General Information

This document contains useful information to know when working with the Rust support in the kernel.

Code documentation

Rust kernel code is documented using rustdoc, its built-in documentation generator.

The generated HTML docs include integrated search, linked items (e.g. types, functions, constants), source code, etc. They may be read at (TODO: link when in mainline and generated alongside the rest of the documentation):

The docs can also be easily generated and read locally. This is quite fast (same order as compiling the code itself) and no special tools or environment are needed. This has the added advantage that they will be tailored to the particular kernel configuration used. To generate them, use the rustdoc target with the same invocation used for compilation, e.g.:

make LLVM=1 rustdoc

To read the docs locally in your web browser, run e.g.:

xdg-open Documentation/output/rust/rustdoc/kernel/index.html

To learn about how to write the documentation, please see Coding Guidelines.

Extra lints

While rustc is a very helpful compiler, some extra lints and analyses are available via clippy, a Rust linter. To enable it, pass CLIPPY=1 to the same invocation used for compilation, e.g.:

make LLVM=1 CLIPPY=1

Please note that Clippy may change code generation, thus it should not be enabled while building a production kernel.

Abstractions vs. bindings

Abstractions are Rust code wrapping kernel functionality from the C side.

In order to use functions and types from the C side, bindings are created. Bindings are the declarations for Rust of those functions and types from the C side.

For instance, one may write a Mutex abstraction in Rust which wraps a struct mutex from the C side and calls its functions through the bindings.

Abstractions are not available for all the kernel internal APIs and concepts, but it is intended that coverage is expanded as time goes on. “Leaf” modules (e.g. drivers) should not use the C bindings directly. Instead, subsystems should provide as-safe-as-possible abstractions as needed.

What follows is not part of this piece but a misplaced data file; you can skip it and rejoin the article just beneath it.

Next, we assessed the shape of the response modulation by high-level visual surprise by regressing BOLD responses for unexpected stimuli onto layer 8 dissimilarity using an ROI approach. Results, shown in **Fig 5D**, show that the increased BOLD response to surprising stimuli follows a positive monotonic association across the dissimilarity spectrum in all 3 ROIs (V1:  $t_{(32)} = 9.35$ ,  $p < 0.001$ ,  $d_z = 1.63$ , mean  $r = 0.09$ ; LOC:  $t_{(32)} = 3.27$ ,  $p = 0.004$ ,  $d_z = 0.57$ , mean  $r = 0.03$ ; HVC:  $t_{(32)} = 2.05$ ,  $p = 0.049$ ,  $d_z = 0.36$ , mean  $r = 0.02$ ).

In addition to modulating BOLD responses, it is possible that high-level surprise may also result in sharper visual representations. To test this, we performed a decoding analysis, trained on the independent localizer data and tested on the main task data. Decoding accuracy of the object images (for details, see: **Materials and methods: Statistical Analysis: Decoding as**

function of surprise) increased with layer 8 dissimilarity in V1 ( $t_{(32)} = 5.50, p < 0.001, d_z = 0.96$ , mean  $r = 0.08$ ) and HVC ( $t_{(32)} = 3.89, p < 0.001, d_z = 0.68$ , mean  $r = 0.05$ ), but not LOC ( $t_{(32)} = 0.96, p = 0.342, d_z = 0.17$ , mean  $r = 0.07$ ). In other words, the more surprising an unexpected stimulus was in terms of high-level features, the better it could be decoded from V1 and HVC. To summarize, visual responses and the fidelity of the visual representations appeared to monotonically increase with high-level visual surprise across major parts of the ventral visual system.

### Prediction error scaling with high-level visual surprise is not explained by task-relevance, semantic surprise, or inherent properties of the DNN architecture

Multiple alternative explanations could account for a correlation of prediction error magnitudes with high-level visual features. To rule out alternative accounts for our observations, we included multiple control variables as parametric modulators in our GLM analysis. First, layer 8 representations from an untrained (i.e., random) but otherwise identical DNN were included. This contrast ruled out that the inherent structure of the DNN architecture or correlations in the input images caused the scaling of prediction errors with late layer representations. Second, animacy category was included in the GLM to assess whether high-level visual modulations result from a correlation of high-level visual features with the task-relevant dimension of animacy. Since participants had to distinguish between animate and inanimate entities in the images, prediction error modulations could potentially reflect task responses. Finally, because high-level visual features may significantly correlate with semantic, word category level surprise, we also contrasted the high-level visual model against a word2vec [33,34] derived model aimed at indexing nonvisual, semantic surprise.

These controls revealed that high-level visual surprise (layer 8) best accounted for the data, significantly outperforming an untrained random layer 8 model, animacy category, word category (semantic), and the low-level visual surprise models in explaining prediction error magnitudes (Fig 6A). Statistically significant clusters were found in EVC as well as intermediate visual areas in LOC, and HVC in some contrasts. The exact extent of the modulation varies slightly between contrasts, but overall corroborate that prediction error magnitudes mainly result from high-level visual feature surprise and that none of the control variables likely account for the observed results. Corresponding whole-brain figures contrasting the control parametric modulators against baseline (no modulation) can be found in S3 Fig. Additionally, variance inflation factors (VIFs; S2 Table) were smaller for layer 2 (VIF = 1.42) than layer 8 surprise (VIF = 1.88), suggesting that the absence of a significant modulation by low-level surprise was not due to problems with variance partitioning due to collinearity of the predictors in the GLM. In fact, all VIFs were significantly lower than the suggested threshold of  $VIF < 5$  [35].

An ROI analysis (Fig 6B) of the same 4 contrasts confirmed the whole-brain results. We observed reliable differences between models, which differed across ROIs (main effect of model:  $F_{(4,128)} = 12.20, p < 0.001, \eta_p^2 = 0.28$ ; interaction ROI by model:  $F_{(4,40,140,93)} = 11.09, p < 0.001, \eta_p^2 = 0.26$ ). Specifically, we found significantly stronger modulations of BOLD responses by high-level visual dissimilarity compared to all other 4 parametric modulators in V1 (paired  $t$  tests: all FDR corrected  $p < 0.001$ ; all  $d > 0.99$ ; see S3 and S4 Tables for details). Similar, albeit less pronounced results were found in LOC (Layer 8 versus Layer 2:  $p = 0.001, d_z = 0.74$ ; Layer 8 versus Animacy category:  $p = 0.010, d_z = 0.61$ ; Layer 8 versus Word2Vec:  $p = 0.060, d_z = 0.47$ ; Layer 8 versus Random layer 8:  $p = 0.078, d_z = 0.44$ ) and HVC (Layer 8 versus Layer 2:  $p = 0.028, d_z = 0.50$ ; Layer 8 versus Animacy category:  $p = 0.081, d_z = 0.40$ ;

include/ -----+ <-+
                                                                 |   |
  drivers/              rust/kernel/              +----------+ <-+   |
    fs/                                           | bindgen  |       |
   .../            +-------------------+          +----------+ --+   |
                   |    Abstractions   |                         |   |
+---------+        | +------+ +------+ |          +----------+   |   |
| my_foo  | -----> | | foo  | | bar  | | -------> | Bindings | <-+   |
| driver  |  Safe  | | sub- | | sub- | |  Unsafe  |          |       |
+---------+        | |system| |system| |          | bindings | <-----+
     |             | +------+ +------+ |          |  crate   |       |
     |             |   kernel crate    |          +----------+       |
     |             +-------------------+                             |
     |                                                               |
     +------------------# FORBIDDEN #--------------------------------+

The main idea is to encapsulate all direct interaction with the kernel’s C APIs into carefully reviewed and documented abstractions. Then users of these abstractions cannot introduce undefined behavior (UB) as long as:

  1. The abstractions are correct (“sound”).

  2. Any unsafe blocks respect the safety contract necessary to call the operations inside the block. Similarly, any unsafe impls respect the safety contract necessary to implement the trait.


By including a C header from include/ into rust/bindings/bindings_helper.h, the bindgen tool will auto-generate the bindings for the included subsystem. After building, see the * output files in the rust/bindings/ directory.

For parts of the C header that bindgen does not auto generate, e.g. C inline functions or non-trivial macros, it is acceptable to add a small wrapper function to rust/helpers.c to make it available for the Rust side as well.


Abstractions are the layer between the bindings and the in-kernel users. They are located in rust/kernel/ and their role is to encapsulate the unsafe access to the bindings into an as-safe-as-possible API that they expose to their users. Users of the abstractions include things like drivers or file systems written in Rust.

Besides the safety aspect, the abstractions are supposed to be “ergonomic”, in the sense that they turn the C interfaces into “idiomatic” Rust code. Basic examples are to turn the C resource acquisition and release into Rust constructors and destructors or C integer error codes into Rust’s Results.

Conditional compilation

Rust code has access to conditional compilation based on the kernel configuration:

#[cfg(CONFIG_X)]       // Enabled               (`y` or `m`)
#[cfg(CONFIG_X="y")]   // Enabled as a built-in (`y`)
#[cfg(CONFIG_X="m")]   // Enabled as a module   (`m`)
#[cfg(not(CONFIG_X))]  // Disabled